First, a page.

The aid in dying movement is now, for the most part, working alone against a machine that has a long-established revenue stream, power structure, organization, and stated platform. "Pro-life" groups have not only the powerful and organized Evangelical Right and the Catholic hierarchy to back them up, but they are able to force their religious ideology on the field of medicine because medicine has little incentive to discuss end of life care with patients. Medical associations have been the strongest opponents of a patients' bill of rights for decades. In short, the medical profession will do anything to prevent government regulation.

The recent decision in Montana to legalize aid in dying too was made on privacy and dignity grounds, capitalizing on an "independent" constitution that values such rights. Yet the primary opponents to aid in dying remain "pro-life" groups. Failing to address their established opposition, to ignore the strategies they have demonstrated regarding women's reproductive rights - and this is the big one - failing to educate the public about end of life care, will perhaps lead down the same road we've gone before: legal services that can't be accessed by those most in need.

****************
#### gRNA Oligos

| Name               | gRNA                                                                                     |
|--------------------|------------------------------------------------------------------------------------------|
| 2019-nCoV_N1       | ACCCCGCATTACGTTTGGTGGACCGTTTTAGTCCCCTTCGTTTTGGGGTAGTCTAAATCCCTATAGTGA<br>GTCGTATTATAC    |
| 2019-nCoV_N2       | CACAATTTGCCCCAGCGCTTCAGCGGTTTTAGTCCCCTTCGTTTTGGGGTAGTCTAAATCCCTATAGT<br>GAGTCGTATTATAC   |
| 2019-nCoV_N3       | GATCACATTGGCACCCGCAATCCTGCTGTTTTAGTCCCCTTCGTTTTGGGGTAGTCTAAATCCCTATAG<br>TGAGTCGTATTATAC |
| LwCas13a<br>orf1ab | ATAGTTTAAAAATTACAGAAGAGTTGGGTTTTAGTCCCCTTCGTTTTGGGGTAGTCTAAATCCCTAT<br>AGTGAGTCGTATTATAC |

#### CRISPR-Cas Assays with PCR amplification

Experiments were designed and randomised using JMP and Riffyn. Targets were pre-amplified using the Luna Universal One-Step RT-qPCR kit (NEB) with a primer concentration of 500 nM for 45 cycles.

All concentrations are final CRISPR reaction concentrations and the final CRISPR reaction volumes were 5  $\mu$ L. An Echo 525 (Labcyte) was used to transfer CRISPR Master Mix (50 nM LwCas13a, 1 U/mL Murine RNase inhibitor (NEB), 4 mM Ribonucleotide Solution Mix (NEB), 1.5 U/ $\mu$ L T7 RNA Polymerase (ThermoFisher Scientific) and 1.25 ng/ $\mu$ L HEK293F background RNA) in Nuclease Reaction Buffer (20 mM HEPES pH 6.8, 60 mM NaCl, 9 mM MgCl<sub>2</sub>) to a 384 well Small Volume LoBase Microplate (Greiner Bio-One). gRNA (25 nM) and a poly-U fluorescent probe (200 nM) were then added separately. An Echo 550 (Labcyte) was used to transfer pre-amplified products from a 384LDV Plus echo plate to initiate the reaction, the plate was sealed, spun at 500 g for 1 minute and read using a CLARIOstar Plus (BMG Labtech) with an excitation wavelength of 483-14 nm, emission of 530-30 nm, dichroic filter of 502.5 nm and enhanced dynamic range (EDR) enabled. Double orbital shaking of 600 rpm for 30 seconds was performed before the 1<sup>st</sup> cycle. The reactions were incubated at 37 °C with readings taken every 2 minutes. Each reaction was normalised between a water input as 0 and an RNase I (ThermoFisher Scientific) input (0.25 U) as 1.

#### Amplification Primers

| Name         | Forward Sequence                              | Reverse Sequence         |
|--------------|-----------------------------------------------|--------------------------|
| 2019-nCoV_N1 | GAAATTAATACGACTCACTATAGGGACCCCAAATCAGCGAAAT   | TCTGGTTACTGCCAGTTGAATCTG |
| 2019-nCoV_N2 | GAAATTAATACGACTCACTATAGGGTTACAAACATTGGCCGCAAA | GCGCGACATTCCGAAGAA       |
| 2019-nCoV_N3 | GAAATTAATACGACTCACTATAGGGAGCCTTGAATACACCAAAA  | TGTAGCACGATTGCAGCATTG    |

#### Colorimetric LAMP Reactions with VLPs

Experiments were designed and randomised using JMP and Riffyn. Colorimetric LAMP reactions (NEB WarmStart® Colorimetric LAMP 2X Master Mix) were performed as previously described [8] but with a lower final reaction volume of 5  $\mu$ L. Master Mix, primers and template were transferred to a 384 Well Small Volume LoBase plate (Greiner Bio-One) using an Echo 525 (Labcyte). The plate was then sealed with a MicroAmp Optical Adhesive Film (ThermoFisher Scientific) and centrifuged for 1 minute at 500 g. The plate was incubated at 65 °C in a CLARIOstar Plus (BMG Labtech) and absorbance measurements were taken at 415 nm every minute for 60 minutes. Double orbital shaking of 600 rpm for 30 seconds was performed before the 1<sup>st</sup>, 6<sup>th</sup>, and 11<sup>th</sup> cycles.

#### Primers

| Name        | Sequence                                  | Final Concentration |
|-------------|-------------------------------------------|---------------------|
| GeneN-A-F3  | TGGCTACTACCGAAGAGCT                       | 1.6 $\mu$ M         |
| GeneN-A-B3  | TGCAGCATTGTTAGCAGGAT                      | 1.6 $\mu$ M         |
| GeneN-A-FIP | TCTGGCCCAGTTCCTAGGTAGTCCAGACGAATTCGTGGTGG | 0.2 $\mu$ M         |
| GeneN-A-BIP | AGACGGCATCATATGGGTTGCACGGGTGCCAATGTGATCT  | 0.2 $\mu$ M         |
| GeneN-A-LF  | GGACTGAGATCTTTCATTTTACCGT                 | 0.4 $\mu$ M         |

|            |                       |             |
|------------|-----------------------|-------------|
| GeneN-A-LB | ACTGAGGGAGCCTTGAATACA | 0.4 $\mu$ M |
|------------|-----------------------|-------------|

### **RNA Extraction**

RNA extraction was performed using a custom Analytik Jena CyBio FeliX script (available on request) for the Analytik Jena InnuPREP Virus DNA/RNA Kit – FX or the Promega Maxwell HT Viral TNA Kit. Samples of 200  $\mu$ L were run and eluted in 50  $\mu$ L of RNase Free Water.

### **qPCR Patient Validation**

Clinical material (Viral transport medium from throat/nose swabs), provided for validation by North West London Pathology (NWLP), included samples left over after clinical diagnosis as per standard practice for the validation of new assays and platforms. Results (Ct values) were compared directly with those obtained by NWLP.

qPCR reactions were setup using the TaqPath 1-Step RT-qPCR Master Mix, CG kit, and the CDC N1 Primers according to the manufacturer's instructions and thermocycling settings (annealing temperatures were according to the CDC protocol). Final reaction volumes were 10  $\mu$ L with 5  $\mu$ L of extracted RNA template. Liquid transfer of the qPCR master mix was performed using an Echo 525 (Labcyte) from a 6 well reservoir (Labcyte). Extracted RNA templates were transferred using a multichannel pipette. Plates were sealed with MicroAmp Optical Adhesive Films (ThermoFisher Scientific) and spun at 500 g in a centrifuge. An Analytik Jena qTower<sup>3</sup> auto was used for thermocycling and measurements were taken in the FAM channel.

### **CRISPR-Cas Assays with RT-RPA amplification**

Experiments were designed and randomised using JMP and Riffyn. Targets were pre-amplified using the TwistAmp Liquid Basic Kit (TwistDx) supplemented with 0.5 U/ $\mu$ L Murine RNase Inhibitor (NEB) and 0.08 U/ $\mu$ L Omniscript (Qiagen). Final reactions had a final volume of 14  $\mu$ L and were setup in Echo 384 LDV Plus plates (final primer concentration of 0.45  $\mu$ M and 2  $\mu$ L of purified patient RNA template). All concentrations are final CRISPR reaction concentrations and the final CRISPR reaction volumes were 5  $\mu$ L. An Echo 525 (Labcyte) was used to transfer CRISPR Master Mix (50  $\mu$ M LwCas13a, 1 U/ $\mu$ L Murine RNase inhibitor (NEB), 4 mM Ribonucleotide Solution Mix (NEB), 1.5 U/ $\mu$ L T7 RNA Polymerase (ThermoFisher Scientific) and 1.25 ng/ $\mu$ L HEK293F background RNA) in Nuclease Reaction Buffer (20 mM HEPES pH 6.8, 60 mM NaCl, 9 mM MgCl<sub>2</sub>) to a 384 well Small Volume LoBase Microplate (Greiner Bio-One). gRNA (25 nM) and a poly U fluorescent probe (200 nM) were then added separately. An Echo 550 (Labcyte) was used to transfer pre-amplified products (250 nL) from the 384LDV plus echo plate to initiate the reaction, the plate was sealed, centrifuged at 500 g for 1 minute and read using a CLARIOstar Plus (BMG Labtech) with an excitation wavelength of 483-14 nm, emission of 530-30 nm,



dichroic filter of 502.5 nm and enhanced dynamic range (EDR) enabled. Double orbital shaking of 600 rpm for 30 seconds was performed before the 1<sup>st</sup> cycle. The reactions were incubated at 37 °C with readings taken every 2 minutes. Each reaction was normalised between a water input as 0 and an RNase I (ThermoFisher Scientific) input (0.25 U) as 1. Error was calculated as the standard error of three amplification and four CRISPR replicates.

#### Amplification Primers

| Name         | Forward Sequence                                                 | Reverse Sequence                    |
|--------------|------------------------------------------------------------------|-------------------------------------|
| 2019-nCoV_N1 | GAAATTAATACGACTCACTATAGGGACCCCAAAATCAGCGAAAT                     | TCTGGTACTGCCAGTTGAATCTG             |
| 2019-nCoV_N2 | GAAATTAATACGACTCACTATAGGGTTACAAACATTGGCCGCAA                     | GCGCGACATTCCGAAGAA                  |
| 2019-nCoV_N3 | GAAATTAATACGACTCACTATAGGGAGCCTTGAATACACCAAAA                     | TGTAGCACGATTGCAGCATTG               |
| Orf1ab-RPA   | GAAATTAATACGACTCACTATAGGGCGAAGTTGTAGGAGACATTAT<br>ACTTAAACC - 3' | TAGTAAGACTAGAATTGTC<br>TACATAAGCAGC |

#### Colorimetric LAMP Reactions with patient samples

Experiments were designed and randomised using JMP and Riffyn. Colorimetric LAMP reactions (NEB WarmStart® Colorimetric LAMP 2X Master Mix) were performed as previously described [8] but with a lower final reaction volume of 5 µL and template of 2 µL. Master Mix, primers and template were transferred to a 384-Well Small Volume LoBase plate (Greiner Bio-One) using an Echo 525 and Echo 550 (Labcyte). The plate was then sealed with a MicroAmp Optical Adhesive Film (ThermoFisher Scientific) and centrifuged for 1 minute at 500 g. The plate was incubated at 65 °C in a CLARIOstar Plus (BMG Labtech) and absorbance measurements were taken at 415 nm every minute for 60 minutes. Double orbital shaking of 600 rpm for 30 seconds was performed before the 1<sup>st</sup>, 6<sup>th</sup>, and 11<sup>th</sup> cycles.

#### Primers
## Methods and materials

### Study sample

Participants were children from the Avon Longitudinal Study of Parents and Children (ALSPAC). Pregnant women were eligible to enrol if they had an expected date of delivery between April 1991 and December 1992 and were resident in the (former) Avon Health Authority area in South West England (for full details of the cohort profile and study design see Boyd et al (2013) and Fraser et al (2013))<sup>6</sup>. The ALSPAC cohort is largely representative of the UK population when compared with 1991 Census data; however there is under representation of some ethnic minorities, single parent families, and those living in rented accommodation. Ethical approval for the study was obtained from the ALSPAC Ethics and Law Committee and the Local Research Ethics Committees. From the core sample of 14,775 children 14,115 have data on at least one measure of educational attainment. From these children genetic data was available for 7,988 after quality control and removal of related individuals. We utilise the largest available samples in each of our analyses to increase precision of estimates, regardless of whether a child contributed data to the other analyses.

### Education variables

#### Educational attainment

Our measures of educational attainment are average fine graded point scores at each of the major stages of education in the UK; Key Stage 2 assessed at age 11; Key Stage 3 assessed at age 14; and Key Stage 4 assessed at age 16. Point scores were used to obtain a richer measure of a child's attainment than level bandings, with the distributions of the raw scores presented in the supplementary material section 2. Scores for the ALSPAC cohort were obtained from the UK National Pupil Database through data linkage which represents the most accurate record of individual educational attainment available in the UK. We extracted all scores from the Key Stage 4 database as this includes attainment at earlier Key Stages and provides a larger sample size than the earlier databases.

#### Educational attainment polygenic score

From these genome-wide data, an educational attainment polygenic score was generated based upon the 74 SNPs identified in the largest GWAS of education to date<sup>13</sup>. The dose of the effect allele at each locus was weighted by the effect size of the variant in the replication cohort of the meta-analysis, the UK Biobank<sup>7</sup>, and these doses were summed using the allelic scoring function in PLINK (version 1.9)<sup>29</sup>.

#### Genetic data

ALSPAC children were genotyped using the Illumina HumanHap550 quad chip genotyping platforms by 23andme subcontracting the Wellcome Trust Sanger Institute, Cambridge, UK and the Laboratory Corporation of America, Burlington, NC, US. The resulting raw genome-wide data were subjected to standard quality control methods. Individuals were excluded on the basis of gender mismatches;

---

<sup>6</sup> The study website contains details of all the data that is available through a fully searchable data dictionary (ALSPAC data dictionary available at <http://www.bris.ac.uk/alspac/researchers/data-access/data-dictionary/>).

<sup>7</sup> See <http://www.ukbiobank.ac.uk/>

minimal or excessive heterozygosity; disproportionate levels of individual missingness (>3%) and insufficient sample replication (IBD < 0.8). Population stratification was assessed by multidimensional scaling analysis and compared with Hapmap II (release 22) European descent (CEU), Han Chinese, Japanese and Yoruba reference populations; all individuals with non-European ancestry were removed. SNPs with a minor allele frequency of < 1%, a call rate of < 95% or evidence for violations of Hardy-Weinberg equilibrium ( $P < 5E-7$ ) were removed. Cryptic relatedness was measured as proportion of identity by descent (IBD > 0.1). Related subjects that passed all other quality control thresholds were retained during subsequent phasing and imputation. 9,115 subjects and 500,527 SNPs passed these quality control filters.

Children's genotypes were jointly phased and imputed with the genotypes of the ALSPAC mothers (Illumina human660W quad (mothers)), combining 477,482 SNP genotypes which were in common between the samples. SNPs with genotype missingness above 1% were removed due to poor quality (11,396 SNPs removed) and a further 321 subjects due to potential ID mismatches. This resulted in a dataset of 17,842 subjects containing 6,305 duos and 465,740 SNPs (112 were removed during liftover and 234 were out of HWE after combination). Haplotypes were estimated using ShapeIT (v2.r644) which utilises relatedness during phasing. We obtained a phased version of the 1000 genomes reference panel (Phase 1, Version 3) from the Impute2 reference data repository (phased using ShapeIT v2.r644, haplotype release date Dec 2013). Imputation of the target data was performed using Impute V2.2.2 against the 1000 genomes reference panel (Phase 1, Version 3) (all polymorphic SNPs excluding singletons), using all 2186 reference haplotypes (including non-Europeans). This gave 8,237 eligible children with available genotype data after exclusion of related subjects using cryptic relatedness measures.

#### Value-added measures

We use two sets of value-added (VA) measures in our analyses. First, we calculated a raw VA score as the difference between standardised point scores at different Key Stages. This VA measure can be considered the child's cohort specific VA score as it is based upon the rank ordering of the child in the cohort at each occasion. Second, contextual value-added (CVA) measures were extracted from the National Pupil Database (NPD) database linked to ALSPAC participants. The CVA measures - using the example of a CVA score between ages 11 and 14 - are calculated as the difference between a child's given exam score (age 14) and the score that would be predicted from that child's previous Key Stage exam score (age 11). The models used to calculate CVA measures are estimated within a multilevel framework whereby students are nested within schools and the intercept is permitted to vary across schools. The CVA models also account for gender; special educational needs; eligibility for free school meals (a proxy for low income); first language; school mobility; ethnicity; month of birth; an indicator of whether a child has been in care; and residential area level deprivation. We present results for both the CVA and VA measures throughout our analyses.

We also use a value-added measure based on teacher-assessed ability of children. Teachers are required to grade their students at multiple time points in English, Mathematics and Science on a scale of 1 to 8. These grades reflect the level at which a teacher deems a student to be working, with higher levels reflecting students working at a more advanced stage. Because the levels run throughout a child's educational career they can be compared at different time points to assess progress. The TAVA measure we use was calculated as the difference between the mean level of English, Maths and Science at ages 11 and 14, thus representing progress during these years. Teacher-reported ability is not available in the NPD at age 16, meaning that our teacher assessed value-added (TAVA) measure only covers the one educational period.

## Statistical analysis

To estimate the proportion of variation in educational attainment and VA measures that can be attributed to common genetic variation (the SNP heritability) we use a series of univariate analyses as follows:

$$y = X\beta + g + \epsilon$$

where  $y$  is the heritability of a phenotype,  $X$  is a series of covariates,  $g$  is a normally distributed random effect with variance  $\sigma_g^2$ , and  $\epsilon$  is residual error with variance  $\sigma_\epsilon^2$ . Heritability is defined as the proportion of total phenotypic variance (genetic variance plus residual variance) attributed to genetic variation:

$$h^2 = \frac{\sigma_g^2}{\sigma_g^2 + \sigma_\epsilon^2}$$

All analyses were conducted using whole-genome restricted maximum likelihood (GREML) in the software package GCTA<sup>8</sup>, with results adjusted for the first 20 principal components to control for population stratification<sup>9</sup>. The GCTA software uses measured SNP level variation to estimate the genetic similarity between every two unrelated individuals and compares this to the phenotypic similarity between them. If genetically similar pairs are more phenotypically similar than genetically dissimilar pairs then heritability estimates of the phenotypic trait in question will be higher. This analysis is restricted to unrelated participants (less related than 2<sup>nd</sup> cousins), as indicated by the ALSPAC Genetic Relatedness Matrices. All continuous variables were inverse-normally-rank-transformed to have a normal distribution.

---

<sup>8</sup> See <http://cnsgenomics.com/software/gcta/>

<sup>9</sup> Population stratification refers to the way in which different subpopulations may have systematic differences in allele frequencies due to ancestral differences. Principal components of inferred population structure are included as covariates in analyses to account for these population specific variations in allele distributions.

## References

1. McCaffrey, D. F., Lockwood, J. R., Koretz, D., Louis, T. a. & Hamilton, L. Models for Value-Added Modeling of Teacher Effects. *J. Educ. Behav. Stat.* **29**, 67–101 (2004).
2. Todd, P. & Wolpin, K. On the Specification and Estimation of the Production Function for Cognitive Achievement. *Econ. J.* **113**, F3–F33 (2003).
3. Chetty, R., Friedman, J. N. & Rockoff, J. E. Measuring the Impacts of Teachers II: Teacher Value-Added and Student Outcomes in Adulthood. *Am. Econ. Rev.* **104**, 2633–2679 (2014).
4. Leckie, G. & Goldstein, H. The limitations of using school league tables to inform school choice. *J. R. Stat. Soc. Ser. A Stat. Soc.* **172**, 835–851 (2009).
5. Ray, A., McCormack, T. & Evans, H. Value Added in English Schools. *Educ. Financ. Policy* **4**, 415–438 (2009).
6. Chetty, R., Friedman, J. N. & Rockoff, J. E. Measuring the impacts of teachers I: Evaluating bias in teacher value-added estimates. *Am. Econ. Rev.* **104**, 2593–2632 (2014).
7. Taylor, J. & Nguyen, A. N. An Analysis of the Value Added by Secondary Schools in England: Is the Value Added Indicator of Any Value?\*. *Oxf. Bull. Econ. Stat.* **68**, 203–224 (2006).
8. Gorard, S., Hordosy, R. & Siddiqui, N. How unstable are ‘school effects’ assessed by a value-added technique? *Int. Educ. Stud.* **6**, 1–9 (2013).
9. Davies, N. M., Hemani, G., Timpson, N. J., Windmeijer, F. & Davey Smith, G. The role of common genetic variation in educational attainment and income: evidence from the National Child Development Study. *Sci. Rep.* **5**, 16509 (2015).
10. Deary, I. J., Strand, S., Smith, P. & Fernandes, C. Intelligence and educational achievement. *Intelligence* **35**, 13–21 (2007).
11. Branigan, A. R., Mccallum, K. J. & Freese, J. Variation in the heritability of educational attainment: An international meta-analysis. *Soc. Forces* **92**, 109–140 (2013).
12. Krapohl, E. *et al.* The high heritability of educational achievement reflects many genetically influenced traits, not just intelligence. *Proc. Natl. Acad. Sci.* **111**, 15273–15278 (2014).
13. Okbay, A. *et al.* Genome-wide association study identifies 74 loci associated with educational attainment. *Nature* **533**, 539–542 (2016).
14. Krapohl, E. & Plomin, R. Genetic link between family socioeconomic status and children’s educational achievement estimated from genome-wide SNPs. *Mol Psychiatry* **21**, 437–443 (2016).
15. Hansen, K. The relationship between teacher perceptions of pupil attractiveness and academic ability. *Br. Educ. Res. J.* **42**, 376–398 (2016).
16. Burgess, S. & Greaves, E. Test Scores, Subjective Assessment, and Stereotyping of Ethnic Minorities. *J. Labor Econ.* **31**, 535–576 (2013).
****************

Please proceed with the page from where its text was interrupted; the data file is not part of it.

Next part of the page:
All patients' rights advocates have one primary opponent: the "pro-life" movement. Forming a coalition that includes LGBT, elder, women's, and disability rights, along with groups like the ACLU, Women's Law Center, The MergerWatch Project, Americans United for Separation of Church and State, Catholics for Choice, and church leaders from the Religious Left, and like-minded medical associations (like OB/GYNs and nurses) will create a coalition broad enough to challenge the "pro-life" platform and their work to impose ideology on how medical care is delivered in this country. Until such a coalition exists, I worry that individual rights movements, like aid in dying, will be left to react to "pro-life" strategies, not anticipate and avert them.

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1 Comments:

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December 20, 2010 at 11:08 PM